Published online by Cambridge University Press: 23 October 2020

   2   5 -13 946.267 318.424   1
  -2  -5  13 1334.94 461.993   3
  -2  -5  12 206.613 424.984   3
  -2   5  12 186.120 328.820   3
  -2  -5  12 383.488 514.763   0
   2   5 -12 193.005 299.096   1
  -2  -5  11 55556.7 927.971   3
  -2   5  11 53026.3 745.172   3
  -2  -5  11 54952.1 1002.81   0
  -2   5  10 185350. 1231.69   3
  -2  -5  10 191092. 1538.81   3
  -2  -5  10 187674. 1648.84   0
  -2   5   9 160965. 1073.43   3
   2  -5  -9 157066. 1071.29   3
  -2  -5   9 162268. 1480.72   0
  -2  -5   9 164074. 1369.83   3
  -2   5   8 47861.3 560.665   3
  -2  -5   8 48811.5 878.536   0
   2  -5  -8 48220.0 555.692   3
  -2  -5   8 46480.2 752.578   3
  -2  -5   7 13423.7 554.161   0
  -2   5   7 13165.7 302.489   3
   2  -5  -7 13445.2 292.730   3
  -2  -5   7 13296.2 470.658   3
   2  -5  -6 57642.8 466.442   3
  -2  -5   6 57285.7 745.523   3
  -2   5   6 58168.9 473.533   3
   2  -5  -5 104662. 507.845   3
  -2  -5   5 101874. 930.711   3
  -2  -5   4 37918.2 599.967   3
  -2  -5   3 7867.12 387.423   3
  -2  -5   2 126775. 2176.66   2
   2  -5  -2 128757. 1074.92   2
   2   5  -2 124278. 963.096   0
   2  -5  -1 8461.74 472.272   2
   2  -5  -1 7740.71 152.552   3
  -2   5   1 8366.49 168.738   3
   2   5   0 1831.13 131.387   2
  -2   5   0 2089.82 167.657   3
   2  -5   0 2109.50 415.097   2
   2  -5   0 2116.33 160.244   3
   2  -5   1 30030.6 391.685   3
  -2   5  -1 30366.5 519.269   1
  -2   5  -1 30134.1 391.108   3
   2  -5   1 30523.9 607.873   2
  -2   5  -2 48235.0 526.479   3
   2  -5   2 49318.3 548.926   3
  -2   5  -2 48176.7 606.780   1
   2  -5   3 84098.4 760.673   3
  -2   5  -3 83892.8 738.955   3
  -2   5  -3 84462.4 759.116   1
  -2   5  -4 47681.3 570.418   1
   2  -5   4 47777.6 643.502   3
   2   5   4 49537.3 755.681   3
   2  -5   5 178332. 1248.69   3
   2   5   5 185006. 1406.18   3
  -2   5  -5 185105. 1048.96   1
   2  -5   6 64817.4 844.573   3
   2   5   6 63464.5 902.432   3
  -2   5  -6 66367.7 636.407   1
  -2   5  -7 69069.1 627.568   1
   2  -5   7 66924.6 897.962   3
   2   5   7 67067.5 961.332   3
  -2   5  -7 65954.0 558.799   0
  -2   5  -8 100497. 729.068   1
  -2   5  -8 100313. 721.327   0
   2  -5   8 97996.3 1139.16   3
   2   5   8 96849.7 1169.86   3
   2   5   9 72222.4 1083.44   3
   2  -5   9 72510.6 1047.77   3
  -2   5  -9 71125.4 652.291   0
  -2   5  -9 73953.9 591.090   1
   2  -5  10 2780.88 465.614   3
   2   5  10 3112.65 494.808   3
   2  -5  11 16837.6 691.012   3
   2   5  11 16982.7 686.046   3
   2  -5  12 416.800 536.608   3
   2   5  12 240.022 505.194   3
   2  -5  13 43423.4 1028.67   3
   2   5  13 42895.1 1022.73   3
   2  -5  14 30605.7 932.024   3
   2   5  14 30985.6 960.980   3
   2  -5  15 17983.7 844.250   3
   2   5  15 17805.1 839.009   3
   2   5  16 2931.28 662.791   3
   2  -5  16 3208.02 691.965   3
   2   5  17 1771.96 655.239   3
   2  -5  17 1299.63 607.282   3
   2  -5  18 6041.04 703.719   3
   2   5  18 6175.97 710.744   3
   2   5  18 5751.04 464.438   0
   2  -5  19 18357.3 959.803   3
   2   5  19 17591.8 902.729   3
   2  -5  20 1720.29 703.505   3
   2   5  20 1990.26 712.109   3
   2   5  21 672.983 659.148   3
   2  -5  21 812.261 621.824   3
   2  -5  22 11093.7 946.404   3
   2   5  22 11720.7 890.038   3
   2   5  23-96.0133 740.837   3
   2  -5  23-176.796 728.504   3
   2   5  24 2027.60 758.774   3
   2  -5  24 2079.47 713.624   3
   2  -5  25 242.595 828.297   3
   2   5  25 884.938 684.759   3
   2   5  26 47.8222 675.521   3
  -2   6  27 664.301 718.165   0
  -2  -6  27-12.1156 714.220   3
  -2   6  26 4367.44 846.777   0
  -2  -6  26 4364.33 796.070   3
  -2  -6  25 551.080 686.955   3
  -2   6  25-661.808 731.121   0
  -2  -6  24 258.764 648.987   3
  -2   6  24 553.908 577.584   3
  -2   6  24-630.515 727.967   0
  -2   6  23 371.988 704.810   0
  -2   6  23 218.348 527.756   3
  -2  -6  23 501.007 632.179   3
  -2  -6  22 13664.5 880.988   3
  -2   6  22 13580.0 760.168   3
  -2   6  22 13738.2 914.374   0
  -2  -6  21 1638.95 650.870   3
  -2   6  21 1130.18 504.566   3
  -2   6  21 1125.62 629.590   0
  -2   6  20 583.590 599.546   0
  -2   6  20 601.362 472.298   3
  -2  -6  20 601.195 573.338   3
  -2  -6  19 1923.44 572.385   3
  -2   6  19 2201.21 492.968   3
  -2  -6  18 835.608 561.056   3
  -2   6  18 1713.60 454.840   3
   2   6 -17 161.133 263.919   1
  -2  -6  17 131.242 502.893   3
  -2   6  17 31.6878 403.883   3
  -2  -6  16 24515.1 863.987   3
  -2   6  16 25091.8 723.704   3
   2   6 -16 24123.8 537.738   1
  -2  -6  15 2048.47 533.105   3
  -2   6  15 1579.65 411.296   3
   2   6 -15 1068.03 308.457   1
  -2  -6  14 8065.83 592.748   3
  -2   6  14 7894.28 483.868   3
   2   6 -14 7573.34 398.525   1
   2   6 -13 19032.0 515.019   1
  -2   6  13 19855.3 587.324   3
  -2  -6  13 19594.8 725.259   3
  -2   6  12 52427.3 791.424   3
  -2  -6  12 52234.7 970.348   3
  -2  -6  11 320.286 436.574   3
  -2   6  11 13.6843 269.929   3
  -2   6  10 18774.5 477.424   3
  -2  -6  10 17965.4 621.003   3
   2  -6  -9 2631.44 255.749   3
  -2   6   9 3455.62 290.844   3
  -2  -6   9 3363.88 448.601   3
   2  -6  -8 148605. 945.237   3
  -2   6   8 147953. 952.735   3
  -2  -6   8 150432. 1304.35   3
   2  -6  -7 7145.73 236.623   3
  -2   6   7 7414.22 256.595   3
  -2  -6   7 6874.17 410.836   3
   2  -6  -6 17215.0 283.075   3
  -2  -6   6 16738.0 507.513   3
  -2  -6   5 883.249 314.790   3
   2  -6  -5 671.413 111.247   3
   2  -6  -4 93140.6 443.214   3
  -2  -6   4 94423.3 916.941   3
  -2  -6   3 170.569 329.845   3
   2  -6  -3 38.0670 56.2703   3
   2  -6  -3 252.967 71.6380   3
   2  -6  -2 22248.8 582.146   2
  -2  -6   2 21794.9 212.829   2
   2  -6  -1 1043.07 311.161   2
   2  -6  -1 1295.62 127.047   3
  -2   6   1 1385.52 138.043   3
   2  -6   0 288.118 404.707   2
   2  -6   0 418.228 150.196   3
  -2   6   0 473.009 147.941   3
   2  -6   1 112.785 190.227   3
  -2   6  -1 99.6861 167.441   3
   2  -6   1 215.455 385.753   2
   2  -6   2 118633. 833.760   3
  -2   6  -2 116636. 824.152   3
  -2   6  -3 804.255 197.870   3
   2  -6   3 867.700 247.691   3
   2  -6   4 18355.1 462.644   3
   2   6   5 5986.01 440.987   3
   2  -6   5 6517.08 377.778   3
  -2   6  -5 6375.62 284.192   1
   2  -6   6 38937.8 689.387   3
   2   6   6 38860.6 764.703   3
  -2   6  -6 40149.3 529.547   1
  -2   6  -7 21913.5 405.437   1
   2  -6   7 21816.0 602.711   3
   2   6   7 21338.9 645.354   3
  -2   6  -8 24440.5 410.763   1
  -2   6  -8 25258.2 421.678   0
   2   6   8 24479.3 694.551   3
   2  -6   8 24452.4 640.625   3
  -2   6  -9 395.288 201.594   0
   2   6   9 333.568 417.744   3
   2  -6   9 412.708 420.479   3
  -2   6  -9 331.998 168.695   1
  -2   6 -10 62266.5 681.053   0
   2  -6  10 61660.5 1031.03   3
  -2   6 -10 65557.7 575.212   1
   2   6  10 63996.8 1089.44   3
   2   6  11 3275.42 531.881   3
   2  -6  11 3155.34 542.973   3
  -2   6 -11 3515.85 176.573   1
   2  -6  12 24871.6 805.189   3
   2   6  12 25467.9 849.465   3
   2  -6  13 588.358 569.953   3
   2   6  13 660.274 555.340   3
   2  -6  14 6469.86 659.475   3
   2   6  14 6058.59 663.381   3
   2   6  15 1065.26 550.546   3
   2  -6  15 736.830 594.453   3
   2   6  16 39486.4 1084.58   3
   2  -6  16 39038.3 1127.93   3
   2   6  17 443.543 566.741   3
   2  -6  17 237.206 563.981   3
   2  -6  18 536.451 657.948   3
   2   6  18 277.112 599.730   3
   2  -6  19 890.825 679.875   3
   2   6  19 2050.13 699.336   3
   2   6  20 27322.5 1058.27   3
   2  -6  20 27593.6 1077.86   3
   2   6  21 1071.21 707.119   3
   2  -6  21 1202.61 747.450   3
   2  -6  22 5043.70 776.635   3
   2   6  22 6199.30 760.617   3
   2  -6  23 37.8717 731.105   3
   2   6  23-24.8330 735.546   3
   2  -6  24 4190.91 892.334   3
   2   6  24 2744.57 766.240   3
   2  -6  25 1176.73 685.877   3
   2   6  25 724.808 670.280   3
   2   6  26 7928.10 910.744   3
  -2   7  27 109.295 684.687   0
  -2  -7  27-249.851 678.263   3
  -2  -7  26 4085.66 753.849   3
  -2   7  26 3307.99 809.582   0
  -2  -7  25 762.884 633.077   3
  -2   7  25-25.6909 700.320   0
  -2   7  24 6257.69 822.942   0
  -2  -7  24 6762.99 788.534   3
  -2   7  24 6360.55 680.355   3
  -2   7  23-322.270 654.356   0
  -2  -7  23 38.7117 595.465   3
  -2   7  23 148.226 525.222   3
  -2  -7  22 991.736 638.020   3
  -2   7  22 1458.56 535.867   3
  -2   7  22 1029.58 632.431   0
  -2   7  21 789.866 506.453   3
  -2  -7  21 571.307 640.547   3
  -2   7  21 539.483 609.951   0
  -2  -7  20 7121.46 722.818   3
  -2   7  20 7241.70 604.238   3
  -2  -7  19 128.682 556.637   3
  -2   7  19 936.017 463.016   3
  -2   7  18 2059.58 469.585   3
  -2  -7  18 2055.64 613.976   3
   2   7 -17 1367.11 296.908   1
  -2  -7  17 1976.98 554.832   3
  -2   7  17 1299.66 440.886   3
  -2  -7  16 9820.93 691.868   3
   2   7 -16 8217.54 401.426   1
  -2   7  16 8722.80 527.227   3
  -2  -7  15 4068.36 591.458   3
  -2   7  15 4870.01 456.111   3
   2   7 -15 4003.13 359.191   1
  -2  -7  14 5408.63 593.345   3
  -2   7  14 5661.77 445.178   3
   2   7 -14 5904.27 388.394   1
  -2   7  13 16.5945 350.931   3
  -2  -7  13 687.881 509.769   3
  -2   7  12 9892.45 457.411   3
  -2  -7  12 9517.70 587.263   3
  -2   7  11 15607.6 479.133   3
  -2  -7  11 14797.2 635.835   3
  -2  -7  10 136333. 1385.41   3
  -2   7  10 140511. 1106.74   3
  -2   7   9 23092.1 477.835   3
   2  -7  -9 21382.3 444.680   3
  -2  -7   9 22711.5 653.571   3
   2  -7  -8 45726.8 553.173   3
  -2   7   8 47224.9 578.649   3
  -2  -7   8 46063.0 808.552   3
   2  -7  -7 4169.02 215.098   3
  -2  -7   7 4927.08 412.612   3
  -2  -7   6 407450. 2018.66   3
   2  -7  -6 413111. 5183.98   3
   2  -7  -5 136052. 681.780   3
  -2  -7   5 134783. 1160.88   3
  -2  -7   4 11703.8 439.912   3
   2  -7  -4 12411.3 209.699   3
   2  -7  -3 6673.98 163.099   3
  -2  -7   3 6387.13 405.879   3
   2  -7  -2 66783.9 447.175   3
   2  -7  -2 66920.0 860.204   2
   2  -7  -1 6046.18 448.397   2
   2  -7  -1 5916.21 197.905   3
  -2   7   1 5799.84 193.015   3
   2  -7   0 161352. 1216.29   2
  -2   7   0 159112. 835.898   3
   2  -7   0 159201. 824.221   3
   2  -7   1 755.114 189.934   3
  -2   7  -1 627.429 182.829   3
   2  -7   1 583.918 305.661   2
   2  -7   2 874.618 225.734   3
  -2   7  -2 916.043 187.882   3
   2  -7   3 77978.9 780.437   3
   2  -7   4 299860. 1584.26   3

In her introduction to the english institute's e-book on periodization, the editor, virginia jackson, remarks on the ability of its “digital format” to invite innovative ways of interacting with texts. Marshall Brown's article in the book, for example, allows readers to hear Joseph Haydn's music while they read nineteenth-century literature, giving them an immediate understanding of the musical metaphors Brown uses for describing literary history. Our contemporary presence and capabilities in the digital world, Brown suggests, may help us to understand periods as “linked episodes within the rolling flood of time,” enabling what Jackson describes as “a literary historical process” that “is not progress but wave, not transcendence” but, as Brown writes, “the metrics and bar lines shaping the pulse of history'” (Jackson, par. 4). The authors of On Periodization suggest a practice of periodization that allows for simultaneities: “a new plane of historicity on which several temporalities unfold at once” (Jackson, par. 4). This conception of time is made possible by the present moment, the (relatively) new technologies we have in our midst, through which this e-book is expressed. This “new plane” of simultaneities reflects the primacy of the present in that the technologies we use are actively shaping how we experience literature and literary history (Martin 153–56). Furthermore, while chronological periodization can dis-embed events from their places, our process of reading rhizomically in the digital world may move us to reconsider the primacy of place.